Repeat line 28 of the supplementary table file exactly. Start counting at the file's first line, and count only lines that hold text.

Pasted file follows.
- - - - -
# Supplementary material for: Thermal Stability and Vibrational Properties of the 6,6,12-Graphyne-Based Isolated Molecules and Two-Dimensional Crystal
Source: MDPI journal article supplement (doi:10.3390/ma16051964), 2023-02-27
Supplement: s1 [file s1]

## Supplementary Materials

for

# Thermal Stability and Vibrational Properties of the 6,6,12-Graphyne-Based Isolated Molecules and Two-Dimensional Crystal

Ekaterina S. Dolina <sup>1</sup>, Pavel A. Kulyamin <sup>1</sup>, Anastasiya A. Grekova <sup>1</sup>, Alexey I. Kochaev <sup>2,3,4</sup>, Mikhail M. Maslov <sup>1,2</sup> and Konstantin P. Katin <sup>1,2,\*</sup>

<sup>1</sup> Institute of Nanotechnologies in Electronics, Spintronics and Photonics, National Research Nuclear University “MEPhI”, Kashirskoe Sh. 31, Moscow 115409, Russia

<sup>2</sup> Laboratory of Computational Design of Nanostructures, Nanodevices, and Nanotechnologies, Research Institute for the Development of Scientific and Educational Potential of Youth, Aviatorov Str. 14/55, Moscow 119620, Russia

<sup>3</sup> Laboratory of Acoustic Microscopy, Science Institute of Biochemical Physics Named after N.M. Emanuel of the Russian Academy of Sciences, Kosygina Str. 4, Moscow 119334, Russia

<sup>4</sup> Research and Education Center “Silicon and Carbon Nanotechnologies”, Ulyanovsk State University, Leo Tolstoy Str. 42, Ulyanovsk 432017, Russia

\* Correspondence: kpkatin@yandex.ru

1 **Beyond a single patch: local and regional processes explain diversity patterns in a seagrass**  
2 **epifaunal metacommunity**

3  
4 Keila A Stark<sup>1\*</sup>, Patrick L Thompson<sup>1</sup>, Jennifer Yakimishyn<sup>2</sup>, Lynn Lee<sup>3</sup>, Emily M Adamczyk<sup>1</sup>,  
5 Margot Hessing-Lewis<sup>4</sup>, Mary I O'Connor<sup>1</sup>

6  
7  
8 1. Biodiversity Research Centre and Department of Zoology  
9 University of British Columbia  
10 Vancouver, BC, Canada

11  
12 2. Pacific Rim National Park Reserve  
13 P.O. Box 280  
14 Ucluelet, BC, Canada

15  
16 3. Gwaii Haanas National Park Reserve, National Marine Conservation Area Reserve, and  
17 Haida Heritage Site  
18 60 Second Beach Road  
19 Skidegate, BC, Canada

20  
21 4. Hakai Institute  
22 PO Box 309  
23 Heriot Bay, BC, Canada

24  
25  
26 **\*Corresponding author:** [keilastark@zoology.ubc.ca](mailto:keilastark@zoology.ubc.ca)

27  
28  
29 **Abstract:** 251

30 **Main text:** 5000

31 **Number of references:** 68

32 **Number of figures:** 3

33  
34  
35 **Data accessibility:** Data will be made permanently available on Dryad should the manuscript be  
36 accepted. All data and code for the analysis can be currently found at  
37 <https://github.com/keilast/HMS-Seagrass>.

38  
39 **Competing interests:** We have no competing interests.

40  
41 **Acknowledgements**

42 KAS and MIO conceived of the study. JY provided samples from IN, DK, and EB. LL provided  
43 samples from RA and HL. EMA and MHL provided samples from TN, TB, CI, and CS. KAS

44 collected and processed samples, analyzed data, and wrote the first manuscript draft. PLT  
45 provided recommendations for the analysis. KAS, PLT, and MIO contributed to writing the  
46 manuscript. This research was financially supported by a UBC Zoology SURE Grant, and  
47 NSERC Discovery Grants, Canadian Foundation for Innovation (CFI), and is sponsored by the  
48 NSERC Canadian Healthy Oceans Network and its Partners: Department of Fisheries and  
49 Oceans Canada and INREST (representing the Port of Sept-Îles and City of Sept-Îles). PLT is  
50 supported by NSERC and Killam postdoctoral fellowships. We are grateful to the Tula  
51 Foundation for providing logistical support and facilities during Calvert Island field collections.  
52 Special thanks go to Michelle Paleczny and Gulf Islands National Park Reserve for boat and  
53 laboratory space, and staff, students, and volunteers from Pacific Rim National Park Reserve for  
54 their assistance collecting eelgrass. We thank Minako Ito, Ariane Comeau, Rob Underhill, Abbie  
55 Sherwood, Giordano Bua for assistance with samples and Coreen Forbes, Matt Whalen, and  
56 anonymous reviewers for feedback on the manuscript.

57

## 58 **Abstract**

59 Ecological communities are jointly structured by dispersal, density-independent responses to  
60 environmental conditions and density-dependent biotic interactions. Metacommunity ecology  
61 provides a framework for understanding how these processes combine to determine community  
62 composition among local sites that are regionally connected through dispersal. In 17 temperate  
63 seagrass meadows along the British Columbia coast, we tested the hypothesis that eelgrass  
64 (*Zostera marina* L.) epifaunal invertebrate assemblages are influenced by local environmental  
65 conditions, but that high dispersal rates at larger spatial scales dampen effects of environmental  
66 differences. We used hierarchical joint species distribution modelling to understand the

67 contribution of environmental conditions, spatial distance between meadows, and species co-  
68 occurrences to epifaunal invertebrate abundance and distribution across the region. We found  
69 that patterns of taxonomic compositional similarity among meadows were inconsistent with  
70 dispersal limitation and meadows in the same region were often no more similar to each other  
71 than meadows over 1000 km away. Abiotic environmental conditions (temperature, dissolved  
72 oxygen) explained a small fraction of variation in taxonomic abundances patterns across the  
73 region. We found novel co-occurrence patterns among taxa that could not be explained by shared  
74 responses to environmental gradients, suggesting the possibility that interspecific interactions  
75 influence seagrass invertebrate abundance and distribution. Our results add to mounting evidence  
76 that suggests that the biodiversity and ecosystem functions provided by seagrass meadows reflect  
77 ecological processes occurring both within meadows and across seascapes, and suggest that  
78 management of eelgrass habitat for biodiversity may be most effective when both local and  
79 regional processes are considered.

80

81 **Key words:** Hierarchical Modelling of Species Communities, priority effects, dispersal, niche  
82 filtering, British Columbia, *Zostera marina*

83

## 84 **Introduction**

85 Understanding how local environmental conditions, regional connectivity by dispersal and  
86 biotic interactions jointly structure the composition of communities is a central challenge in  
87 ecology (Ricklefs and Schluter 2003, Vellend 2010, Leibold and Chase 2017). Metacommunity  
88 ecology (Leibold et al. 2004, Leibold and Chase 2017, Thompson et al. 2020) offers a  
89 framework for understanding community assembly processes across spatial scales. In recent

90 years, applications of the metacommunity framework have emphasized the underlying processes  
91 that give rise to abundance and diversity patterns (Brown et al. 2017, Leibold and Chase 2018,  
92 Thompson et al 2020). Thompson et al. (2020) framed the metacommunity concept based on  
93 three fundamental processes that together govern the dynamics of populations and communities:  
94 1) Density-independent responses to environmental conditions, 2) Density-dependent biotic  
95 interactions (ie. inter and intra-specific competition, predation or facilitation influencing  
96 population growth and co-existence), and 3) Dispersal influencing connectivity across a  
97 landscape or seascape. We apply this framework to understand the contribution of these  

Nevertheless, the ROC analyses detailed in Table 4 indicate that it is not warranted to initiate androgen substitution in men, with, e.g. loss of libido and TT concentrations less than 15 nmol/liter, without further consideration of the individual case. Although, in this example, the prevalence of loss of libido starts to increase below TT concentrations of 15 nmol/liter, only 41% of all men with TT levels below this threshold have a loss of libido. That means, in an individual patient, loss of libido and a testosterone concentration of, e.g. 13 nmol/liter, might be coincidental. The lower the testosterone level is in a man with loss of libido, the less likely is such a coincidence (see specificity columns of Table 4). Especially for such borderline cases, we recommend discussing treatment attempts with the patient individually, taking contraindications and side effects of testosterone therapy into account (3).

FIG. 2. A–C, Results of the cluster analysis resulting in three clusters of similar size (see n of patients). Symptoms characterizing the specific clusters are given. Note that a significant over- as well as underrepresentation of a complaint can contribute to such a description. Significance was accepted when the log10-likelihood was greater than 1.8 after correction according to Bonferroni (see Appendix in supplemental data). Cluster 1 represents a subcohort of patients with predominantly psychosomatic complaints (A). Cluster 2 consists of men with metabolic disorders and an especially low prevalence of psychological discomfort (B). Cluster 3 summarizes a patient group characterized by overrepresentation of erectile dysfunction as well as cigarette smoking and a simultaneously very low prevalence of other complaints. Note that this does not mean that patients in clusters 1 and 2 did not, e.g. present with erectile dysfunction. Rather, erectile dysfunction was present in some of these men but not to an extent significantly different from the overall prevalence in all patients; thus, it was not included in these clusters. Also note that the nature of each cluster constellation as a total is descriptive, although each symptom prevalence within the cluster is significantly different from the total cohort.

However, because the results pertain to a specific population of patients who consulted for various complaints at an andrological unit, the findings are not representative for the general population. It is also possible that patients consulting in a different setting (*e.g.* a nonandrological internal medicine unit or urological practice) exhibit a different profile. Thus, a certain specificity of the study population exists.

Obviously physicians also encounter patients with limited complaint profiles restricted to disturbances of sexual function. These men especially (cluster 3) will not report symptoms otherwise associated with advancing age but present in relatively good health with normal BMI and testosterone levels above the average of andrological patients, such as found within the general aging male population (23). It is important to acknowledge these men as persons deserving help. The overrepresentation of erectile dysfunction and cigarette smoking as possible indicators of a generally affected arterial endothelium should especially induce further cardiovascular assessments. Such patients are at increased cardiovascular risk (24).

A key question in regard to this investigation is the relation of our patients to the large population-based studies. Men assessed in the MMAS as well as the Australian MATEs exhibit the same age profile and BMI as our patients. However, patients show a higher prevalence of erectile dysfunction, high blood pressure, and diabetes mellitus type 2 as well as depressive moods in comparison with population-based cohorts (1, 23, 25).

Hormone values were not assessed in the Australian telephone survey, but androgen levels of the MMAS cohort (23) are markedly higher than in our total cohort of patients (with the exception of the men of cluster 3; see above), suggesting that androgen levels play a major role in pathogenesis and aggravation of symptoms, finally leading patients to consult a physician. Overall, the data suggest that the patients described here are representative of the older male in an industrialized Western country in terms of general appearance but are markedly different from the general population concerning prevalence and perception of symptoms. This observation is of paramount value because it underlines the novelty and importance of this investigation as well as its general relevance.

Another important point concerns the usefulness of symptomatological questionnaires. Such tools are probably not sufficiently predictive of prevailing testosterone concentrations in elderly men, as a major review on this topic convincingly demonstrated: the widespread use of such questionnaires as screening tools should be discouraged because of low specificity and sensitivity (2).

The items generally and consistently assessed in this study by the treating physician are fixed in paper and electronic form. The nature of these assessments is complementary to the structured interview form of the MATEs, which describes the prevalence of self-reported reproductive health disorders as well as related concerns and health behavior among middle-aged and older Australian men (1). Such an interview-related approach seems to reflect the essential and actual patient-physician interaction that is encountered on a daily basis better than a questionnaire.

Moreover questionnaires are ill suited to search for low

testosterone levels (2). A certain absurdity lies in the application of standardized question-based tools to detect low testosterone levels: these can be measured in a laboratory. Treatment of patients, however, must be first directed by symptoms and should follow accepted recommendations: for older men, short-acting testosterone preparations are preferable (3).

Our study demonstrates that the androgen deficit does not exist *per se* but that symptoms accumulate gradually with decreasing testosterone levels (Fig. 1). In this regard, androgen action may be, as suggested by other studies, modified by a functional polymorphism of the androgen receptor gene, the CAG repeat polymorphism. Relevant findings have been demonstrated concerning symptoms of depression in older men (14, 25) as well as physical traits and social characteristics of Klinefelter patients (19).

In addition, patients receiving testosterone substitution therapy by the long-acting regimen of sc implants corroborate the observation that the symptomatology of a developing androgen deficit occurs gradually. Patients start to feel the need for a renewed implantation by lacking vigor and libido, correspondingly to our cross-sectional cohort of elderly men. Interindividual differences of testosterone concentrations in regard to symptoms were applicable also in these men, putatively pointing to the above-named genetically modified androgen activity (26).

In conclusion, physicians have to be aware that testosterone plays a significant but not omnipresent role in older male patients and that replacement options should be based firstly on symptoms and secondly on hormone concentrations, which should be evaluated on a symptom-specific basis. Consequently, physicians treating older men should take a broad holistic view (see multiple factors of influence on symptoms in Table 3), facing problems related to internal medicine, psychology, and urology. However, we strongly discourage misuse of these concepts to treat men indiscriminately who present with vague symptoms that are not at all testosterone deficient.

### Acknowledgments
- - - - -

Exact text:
16 3. Gwaii Haanas National Park Reserve, National Marine Conservation Area Reserve, and  